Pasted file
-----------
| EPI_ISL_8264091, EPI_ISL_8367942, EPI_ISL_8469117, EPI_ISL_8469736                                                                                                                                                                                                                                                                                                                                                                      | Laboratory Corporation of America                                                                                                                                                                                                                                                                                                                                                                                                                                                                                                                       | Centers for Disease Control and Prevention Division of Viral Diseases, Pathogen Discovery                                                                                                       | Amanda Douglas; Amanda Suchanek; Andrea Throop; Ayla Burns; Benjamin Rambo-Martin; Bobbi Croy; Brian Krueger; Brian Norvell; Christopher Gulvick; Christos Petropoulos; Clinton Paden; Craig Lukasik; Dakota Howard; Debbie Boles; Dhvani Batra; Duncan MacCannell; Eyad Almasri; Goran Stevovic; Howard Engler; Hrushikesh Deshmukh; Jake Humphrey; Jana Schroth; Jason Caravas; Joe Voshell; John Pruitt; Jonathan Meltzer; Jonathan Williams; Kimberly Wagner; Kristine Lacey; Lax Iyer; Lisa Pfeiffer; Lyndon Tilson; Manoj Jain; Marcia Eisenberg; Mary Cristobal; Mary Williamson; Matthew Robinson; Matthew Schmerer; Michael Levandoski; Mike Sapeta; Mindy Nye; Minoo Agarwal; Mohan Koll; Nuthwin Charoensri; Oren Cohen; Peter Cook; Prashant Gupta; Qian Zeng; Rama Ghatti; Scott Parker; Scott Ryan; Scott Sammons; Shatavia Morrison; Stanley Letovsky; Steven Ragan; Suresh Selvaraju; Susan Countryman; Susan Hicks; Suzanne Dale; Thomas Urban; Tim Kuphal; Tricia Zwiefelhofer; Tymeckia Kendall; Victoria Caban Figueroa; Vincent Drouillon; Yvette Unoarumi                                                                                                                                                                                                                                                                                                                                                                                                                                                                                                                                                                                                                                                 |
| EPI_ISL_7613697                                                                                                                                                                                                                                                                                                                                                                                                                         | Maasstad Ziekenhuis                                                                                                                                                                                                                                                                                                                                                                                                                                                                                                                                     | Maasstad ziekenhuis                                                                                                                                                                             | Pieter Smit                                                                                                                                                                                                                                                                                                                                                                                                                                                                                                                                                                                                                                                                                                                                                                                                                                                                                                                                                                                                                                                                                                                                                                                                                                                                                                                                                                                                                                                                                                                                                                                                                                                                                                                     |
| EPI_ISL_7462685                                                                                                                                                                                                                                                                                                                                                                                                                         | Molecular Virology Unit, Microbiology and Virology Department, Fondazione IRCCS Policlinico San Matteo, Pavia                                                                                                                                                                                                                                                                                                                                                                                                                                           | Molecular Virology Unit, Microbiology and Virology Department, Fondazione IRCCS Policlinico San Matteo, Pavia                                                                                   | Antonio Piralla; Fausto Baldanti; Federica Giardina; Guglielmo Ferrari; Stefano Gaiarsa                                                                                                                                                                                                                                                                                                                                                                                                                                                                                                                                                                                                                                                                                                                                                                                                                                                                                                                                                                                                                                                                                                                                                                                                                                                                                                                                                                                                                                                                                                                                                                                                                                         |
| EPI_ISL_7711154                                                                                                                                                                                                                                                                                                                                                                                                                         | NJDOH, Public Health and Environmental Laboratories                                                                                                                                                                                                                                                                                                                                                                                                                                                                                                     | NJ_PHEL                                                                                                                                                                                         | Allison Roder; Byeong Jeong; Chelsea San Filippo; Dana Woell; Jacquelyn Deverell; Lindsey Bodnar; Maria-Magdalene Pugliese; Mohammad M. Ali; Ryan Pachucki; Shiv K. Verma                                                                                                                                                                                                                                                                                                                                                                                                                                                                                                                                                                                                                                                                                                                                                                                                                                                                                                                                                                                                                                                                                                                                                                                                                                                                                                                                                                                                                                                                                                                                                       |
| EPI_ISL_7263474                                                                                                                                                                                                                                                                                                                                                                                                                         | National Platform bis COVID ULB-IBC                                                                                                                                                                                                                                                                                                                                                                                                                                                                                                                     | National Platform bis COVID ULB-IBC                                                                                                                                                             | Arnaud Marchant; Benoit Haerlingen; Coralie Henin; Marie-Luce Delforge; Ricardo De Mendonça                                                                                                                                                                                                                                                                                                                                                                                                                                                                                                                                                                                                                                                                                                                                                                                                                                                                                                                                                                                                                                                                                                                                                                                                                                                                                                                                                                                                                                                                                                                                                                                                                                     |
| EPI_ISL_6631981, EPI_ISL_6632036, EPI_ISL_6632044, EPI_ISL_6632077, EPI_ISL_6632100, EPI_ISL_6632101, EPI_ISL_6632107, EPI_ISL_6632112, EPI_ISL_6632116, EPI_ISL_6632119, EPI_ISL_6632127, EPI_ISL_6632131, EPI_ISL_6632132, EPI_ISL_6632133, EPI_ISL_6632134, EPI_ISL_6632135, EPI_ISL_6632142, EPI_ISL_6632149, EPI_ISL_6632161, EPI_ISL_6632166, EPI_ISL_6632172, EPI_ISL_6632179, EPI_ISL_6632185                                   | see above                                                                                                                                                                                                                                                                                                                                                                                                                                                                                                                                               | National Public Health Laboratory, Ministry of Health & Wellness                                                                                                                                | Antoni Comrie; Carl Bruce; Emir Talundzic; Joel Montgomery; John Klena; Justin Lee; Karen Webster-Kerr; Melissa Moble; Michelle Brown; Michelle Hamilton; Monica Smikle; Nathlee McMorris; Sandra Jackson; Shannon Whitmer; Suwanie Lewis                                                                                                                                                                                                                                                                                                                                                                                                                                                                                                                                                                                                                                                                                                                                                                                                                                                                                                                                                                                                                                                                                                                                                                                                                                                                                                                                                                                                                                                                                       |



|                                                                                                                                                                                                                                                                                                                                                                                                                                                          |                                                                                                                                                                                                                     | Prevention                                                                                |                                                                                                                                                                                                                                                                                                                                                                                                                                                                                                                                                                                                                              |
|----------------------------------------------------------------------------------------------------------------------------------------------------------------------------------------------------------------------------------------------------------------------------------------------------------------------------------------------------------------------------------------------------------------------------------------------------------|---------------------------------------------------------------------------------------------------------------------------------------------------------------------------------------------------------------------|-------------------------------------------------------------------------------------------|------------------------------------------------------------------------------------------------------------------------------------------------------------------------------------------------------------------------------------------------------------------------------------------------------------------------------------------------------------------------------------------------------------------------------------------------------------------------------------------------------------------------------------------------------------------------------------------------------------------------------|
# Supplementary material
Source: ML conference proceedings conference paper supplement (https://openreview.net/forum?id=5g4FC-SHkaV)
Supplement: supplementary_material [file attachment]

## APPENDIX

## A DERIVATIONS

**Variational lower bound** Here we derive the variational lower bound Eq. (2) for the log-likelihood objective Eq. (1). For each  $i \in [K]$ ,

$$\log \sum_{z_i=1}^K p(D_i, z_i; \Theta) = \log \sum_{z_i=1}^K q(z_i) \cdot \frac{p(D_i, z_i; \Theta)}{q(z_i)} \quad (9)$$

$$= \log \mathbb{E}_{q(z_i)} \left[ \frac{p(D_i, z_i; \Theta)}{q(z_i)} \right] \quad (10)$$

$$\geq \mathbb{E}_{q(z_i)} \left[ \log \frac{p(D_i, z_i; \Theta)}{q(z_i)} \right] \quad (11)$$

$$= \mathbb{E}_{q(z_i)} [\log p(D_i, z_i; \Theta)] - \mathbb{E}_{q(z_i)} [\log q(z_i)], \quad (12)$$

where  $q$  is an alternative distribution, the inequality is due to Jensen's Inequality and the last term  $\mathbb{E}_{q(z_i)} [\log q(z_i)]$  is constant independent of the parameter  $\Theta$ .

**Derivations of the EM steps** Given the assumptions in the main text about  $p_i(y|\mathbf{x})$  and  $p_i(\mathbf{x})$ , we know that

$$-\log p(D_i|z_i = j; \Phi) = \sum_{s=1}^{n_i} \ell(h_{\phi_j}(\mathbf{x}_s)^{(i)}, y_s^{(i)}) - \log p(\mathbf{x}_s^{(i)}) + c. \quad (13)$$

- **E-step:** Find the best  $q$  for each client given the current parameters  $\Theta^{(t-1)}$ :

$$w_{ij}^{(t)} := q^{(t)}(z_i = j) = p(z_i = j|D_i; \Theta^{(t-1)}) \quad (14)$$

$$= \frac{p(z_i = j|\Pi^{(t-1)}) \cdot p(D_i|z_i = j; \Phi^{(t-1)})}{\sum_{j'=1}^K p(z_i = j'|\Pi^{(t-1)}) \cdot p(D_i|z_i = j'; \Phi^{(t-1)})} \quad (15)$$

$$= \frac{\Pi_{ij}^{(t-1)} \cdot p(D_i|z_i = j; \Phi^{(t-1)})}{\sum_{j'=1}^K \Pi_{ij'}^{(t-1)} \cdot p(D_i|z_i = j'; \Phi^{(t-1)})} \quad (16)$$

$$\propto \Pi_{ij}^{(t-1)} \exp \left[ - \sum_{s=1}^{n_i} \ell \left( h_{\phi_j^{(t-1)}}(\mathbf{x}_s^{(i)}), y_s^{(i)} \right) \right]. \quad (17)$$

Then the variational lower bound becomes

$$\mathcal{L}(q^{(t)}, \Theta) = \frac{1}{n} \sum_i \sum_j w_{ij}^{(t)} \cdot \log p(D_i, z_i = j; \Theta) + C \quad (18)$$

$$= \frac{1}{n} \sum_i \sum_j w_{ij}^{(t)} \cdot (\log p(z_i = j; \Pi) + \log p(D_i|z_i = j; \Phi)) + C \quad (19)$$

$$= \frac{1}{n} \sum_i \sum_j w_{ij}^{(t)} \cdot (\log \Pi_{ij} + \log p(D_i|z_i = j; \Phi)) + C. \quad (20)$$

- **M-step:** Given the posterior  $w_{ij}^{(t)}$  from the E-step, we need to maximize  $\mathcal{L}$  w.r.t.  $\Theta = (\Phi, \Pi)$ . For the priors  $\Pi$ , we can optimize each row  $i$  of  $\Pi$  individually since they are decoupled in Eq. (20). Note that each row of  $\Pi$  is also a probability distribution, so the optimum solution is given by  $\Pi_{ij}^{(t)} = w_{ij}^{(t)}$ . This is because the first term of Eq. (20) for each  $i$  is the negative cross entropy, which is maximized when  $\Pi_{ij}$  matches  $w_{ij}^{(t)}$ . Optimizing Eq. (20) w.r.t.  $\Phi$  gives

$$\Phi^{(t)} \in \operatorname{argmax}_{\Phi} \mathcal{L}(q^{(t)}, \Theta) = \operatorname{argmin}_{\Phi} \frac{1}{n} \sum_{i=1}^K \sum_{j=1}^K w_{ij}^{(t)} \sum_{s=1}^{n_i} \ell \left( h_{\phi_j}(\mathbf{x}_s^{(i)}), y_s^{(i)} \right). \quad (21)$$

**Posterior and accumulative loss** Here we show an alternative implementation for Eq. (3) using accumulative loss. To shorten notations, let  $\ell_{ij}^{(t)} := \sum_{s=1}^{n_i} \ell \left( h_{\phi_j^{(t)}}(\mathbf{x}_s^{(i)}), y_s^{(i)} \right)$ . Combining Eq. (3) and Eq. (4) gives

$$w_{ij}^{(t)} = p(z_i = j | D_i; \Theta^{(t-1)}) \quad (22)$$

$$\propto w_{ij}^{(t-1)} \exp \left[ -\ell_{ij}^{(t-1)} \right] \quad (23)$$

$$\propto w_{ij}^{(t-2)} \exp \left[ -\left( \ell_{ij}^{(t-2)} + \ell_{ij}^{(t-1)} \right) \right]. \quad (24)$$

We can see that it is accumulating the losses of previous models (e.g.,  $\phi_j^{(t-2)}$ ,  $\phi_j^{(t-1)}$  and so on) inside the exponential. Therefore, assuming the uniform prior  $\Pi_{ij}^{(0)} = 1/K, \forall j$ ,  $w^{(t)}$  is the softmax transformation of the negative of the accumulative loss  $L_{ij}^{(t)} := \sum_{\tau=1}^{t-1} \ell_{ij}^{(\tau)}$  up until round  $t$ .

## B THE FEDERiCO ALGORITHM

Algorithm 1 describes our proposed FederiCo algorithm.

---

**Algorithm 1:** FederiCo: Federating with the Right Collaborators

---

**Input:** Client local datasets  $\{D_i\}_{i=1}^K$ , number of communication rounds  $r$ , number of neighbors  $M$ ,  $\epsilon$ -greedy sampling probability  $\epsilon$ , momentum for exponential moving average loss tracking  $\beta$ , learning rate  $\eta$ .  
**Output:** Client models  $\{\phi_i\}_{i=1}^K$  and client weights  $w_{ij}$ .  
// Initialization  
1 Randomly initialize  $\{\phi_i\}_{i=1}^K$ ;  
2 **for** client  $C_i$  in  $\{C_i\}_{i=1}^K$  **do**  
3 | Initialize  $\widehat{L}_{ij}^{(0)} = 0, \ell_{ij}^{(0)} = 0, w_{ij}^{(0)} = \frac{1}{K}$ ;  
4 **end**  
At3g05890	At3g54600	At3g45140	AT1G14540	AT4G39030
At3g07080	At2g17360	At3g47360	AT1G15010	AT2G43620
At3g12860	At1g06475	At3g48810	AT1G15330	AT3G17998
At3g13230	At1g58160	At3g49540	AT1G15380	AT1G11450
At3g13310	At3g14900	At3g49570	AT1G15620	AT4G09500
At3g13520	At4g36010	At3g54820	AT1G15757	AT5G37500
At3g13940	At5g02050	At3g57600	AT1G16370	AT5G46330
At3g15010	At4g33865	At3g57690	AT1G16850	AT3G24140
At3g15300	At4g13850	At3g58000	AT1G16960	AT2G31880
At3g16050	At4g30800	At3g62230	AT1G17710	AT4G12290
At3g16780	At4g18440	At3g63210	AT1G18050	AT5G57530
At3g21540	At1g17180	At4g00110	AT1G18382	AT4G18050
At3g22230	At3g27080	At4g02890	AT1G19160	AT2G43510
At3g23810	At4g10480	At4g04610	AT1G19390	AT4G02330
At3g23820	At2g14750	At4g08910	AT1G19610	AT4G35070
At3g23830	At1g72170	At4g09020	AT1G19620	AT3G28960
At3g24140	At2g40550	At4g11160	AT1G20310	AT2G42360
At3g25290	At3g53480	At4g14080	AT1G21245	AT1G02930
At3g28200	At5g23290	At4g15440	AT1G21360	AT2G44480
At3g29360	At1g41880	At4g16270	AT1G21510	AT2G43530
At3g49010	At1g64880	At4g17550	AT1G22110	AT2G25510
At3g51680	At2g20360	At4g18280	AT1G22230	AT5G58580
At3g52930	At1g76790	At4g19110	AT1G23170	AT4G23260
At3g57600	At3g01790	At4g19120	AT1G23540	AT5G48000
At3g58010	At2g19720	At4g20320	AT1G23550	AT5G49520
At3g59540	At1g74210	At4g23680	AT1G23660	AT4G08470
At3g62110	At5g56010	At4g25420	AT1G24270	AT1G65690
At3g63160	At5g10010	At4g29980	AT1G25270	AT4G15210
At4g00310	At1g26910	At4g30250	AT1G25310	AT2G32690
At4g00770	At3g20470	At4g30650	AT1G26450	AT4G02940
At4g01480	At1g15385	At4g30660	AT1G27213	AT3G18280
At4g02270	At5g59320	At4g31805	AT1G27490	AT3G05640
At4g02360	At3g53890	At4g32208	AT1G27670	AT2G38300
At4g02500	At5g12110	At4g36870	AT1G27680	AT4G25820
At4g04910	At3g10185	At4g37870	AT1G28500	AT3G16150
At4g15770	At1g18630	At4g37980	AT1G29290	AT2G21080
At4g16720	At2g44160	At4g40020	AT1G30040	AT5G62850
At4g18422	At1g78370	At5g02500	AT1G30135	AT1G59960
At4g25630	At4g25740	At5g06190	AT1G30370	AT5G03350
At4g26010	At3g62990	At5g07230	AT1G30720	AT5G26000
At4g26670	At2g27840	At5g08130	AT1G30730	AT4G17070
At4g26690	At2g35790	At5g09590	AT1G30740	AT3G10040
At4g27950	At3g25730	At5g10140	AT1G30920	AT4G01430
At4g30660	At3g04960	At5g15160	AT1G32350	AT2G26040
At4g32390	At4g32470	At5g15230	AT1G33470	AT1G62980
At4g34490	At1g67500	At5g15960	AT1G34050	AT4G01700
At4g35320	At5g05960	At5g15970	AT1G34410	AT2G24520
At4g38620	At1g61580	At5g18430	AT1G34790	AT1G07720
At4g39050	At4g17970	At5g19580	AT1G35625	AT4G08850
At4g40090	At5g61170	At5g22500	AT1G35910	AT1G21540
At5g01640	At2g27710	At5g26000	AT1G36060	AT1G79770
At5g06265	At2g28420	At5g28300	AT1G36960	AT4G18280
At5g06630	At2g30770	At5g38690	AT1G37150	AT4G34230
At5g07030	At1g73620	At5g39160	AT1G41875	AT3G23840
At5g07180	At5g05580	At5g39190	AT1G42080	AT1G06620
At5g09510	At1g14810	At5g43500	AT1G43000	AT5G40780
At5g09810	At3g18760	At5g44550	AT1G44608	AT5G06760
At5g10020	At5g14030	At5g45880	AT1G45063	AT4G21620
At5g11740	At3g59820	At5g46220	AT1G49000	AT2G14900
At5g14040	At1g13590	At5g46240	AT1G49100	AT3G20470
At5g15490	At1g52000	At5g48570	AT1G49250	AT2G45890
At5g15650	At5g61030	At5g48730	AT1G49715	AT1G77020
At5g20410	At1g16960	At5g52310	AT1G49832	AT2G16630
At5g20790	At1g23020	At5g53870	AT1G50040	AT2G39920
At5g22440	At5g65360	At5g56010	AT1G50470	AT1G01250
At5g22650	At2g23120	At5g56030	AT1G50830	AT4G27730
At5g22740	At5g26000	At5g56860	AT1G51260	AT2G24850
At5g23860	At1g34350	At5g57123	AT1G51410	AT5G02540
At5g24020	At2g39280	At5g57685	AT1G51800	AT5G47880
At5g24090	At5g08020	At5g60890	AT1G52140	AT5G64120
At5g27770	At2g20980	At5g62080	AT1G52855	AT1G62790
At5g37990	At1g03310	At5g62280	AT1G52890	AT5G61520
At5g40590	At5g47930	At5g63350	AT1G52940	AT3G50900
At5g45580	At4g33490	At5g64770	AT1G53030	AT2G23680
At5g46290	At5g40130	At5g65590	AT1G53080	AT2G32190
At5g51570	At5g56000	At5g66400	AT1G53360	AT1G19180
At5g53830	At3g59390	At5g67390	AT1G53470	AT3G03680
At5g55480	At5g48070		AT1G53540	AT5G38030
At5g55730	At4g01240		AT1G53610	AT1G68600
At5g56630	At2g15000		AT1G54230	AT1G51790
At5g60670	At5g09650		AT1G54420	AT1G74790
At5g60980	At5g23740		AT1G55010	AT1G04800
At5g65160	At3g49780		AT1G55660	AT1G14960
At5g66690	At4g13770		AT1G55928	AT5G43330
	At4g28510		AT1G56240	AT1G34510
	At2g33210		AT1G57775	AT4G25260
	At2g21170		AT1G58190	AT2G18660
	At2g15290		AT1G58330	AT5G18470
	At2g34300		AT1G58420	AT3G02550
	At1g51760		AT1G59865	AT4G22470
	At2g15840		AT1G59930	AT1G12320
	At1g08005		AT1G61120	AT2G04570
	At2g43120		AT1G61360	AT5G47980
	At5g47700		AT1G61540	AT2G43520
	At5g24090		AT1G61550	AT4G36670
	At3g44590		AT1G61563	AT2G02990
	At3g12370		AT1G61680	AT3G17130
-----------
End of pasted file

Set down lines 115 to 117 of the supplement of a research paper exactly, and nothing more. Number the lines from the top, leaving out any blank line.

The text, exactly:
At5g22650	At2g23120	At5g56030	AT1G50830	AT4G27730
At5g22740	At5g26000	At5g56860	AT1G51260	AT2G24850
At5g23860	At1g34350	At5g57123	AT1G51410	AT5G02540